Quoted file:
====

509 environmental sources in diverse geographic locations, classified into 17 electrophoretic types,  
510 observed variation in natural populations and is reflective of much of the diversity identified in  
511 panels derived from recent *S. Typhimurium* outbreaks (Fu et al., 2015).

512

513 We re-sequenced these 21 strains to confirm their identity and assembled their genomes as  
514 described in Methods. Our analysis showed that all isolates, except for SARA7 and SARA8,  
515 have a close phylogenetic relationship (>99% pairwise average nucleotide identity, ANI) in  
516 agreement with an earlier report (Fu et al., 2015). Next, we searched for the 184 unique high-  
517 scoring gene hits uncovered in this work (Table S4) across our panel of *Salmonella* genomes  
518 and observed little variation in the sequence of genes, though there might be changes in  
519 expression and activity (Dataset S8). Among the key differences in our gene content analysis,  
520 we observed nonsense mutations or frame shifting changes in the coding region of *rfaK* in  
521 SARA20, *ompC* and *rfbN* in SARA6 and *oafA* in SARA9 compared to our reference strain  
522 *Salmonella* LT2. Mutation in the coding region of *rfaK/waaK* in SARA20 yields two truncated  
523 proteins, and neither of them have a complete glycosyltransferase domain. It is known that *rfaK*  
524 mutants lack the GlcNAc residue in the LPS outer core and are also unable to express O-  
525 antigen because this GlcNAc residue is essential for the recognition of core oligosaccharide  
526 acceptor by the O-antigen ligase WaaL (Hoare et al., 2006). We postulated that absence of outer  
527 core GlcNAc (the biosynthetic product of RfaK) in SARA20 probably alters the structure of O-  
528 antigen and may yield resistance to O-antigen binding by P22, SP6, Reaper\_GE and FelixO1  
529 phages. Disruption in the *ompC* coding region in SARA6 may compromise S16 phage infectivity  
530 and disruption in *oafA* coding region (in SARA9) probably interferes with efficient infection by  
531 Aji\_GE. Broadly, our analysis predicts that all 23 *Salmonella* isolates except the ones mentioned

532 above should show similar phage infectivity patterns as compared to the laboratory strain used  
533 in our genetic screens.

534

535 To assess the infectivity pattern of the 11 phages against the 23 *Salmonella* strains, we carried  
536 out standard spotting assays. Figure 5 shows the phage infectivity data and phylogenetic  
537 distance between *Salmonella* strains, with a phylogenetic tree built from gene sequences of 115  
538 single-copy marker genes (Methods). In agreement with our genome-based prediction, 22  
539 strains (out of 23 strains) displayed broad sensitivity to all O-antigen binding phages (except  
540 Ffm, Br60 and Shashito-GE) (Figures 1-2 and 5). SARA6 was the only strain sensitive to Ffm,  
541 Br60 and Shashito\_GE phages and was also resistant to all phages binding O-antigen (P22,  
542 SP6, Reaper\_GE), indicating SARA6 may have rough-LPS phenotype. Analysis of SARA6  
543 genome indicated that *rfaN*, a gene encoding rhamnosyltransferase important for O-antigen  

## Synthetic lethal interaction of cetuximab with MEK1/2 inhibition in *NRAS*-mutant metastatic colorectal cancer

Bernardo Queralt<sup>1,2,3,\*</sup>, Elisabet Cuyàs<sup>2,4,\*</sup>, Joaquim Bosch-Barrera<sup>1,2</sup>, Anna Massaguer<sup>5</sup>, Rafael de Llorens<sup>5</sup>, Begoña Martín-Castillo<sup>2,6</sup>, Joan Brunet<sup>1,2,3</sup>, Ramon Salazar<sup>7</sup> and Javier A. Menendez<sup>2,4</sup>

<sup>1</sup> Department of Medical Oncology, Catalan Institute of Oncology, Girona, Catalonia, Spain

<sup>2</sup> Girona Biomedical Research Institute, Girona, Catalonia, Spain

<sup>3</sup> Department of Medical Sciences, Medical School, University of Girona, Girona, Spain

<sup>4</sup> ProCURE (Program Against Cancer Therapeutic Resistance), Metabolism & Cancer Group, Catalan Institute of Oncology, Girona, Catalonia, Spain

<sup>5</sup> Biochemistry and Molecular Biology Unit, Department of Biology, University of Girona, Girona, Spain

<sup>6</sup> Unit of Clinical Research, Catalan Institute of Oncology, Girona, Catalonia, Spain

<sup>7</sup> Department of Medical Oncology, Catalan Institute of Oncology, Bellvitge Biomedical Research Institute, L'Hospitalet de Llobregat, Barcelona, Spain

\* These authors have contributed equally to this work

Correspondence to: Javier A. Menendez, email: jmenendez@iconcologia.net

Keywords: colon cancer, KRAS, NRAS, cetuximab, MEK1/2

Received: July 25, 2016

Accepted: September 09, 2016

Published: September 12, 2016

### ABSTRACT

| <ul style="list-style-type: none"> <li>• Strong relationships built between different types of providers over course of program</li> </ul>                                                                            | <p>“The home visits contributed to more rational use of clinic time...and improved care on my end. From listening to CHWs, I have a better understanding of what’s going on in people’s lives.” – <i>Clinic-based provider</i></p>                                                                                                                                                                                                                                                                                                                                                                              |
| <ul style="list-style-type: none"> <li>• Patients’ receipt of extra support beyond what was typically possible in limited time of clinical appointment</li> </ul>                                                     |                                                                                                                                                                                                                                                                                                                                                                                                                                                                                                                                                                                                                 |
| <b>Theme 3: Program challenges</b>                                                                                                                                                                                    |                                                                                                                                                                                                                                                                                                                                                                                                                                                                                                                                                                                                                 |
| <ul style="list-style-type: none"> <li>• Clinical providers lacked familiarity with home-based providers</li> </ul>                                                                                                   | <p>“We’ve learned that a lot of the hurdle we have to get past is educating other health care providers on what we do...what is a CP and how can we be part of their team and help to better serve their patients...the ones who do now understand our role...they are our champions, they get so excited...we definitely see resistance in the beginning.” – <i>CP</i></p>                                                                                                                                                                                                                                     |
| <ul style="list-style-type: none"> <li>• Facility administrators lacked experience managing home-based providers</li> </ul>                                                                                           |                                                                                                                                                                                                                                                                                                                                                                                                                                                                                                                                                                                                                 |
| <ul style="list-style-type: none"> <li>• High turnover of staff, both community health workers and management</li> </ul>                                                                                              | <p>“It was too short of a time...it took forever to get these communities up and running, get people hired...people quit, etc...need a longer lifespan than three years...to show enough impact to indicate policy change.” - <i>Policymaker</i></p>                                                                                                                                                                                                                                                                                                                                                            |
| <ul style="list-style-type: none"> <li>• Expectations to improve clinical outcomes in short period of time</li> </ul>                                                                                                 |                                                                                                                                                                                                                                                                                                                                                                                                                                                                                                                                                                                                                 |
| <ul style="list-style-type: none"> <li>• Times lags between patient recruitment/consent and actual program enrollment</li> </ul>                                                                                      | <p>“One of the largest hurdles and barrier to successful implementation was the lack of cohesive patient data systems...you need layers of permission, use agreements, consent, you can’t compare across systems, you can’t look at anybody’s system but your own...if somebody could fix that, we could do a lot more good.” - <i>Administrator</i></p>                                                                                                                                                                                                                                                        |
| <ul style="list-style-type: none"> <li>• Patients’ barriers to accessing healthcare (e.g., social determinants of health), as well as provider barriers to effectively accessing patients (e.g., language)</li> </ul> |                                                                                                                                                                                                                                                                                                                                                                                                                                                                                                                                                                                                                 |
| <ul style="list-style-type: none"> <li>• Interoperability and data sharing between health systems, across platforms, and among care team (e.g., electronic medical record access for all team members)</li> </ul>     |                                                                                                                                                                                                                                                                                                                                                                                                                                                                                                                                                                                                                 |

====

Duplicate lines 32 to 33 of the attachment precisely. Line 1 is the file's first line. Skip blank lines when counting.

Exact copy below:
540 Ffm, Br60 and Shashito-GE) (Figures 1-2 and 5). SARA6 was the only strain sensitive to Ffm,  
541 Br60 and Shashito\_GE phages and was also resistant to all phages binding O-antigen (P22,  